In other words, the Bible is God’s Word because it claims to be God’s Word. My young, single-digit age didn’t stop me from seeing the hole in my teacher’s so-called proof. I didn’t know then that this is called the “fallacy of circular logic”, much less that it goes by pretentious Latin names like “petitio principii” and “circulus in probando”.
All I knew was that it set off my BS detector.
Realizing, though, that my teacher was serious and couldn’t see her own error, I tried to help. By pointing out that her statement made no sense: A controversial claim doesn’t automatically prove itself.
Sadly, my good intentions earned me no good will. Up to that point, my teacher has been willing to give me the benefit of the doubt – figuring I was merely crazy or ignorant. Now, though, I had branded myself a rebellious troublemaker. That is infinitely worse. (It was a rap I never lived down.)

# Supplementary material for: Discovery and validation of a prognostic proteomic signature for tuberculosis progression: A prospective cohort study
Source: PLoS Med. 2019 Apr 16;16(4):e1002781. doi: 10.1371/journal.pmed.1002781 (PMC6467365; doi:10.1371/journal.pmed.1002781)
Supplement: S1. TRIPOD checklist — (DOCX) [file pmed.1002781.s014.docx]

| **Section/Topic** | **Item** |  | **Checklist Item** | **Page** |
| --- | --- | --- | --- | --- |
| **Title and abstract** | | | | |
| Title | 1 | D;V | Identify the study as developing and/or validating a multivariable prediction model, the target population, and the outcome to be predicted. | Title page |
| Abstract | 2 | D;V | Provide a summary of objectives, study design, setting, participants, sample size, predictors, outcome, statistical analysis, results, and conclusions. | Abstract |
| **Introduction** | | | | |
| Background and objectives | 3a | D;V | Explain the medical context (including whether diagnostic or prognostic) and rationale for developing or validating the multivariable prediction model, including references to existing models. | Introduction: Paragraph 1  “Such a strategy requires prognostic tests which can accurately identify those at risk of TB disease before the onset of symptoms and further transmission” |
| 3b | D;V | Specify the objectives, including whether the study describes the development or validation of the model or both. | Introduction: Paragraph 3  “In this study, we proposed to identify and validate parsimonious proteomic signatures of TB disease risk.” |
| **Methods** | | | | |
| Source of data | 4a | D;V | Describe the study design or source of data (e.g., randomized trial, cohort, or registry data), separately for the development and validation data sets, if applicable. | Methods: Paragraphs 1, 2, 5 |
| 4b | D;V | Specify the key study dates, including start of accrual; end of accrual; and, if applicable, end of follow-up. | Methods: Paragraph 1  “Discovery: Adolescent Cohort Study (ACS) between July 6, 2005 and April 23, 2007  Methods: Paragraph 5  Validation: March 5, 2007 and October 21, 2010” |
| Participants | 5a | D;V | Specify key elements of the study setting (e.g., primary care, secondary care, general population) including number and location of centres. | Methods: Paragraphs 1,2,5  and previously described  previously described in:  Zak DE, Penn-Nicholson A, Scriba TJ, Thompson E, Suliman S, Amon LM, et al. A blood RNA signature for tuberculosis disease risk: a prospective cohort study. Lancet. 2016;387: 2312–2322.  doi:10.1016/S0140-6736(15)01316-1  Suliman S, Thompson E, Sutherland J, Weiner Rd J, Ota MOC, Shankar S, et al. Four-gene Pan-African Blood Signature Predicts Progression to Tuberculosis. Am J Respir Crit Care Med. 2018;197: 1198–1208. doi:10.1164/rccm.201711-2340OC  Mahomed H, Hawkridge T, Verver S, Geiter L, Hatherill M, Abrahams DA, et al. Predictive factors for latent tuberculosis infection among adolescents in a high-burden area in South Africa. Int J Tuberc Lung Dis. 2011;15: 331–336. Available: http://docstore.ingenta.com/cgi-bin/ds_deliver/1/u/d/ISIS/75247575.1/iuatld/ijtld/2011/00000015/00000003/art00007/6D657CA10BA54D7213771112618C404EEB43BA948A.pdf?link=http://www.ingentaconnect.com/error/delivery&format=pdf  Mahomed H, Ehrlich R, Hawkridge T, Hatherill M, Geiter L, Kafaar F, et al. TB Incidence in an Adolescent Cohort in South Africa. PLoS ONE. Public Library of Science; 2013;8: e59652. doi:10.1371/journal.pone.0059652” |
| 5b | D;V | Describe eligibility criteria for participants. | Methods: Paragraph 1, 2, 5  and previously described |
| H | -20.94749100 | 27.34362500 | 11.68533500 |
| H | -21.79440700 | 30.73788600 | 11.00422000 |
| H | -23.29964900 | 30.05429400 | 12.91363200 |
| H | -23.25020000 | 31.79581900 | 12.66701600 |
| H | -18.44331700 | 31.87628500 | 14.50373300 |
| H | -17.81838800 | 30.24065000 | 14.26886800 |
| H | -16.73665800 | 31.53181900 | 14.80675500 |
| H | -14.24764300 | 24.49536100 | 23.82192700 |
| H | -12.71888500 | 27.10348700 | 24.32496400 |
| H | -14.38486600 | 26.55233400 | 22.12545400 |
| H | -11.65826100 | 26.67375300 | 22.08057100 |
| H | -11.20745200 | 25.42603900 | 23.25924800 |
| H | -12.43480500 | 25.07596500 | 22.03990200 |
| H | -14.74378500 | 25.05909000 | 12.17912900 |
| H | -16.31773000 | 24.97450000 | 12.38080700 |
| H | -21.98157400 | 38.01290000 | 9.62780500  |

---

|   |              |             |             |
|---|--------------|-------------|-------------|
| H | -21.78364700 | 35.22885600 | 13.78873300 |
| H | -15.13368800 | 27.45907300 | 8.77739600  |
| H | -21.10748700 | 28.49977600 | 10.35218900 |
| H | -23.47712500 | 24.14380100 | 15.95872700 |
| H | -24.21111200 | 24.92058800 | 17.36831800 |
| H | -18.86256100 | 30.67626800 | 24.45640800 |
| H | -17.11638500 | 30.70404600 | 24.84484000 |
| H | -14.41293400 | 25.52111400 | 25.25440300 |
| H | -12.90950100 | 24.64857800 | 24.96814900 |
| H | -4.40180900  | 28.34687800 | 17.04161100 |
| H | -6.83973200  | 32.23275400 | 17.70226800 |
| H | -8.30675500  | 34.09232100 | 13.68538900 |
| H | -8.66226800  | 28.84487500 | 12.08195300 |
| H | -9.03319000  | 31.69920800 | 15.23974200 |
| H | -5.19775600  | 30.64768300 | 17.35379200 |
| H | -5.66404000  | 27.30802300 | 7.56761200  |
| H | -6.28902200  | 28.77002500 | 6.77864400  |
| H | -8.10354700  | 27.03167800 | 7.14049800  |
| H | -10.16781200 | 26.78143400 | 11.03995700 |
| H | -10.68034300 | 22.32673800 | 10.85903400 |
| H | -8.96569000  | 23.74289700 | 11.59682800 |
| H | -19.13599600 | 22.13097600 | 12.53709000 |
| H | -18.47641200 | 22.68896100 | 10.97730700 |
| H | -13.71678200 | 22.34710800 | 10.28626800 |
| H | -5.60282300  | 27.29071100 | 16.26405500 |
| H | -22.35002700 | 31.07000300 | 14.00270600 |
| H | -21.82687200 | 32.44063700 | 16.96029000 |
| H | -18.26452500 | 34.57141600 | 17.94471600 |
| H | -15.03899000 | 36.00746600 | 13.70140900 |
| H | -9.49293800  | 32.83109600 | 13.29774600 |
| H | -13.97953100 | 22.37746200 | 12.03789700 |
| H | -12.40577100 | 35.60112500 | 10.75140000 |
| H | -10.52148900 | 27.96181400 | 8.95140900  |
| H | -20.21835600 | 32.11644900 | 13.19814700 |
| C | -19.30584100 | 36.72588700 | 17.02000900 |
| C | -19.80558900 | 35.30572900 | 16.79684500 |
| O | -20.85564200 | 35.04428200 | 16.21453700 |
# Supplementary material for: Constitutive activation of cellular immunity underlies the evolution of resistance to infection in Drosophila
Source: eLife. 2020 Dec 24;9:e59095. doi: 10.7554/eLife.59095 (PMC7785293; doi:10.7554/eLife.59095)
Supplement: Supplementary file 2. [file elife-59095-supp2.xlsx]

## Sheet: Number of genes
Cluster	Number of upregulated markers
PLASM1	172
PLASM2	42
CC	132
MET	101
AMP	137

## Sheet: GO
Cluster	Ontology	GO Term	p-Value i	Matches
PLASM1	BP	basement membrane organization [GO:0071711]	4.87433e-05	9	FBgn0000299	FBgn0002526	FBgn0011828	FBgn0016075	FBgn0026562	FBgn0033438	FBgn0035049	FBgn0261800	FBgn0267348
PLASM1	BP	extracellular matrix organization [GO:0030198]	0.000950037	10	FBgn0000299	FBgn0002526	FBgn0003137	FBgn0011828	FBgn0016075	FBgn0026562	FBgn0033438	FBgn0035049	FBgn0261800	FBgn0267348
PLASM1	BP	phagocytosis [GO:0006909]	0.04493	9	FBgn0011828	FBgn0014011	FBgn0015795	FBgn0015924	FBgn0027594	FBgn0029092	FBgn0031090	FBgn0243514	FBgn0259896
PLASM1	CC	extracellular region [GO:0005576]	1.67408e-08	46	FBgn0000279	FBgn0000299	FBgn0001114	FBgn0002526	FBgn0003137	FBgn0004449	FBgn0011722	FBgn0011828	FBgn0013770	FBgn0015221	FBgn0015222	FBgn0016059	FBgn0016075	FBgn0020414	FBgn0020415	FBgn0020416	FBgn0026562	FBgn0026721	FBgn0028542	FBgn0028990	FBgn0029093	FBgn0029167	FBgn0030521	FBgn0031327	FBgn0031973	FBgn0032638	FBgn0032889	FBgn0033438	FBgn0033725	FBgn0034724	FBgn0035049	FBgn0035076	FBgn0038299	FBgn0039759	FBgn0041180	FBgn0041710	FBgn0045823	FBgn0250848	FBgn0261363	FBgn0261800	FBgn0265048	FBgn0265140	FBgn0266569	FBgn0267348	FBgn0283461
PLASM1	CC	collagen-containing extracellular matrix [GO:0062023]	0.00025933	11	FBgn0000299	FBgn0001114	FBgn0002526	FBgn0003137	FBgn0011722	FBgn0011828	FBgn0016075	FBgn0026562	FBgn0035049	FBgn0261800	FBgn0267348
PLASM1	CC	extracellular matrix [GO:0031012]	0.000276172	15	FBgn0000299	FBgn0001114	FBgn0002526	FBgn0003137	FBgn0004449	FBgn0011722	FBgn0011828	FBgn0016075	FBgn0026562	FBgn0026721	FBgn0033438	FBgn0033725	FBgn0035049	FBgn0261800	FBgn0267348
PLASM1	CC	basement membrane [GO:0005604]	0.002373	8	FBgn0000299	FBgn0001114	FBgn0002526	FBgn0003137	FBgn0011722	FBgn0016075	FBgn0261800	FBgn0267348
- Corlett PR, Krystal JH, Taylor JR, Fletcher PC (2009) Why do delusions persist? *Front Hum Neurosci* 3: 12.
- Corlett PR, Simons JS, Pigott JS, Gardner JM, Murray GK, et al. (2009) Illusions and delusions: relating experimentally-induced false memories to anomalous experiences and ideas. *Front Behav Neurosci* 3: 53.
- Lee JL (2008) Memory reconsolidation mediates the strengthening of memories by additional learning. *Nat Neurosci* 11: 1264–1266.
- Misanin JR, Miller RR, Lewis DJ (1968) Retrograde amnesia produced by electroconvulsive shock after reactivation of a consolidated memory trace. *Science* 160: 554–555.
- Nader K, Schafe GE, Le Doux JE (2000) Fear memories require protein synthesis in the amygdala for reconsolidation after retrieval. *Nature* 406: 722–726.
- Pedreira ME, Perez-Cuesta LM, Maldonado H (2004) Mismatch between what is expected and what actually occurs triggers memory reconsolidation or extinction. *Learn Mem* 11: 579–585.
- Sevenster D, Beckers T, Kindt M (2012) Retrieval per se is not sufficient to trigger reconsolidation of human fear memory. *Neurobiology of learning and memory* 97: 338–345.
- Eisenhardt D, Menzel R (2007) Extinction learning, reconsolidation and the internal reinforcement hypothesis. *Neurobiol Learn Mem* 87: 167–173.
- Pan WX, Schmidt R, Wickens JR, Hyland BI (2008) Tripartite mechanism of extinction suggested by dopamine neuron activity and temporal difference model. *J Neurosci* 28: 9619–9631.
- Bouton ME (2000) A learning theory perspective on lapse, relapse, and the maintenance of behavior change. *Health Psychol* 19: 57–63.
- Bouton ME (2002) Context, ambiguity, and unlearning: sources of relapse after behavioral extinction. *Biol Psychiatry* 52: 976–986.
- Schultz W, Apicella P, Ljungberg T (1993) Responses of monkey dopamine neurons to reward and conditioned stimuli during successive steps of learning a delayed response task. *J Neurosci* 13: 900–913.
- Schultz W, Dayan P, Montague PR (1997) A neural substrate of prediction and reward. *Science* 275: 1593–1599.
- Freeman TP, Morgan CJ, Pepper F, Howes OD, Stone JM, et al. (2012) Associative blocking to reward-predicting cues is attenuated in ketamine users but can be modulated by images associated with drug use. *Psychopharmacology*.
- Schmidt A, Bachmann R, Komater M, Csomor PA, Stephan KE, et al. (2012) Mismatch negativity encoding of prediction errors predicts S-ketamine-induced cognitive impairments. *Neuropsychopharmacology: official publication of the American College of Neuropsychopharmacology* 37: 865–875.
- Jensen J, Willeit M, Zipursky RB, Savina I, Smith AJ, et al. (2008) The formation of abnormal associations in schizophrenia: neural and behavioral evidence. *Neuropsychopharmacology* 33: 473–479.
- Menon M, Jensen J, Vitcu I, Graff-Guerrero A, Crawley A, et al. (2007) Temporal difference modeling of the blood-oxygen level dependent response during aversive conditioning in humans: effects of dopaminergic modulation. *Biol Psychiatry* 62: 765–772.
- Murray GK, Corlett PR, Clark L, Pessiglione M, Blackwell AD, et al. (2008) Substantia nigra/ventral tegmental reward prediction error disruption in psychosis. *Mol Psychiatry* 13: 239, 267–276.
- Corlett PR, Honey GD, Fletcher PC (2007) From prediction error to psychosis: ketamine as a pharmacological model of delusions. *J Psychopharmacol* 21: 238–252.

From that point forward, all the other kids joined our teacher in striving to help me see the error of my ways. Error that was jeopardizing my soul, and (from the strident tone with which they lectured me) apparently theirs as well!
How ironic that I’ve since written books about the Bible, defending its divine inspiration, and offering ways we can test its claims. (“Because it says so” is not among those ways.)
This was far from my only youthful encounter with epistemology. Again – please remember – I didn’t yet know the name, or even that the field had a name.
The question, though, kept coming up in my reading and conversations. Not all those encounters were contentious (though some certainly were). Many were supportive and gratifying.
I was blessed to meet adults who loved talking with me about big-picture “how we know stuff” questions. My parents. Mrs. Bellar, my seventh-grade science teacher in Clarksville. Kenneth Kalantar Jr. Marzieh Gail. Winston Evans. Robert and Bahia Gulick. Ian Semple. David Ruhe. Lots of others.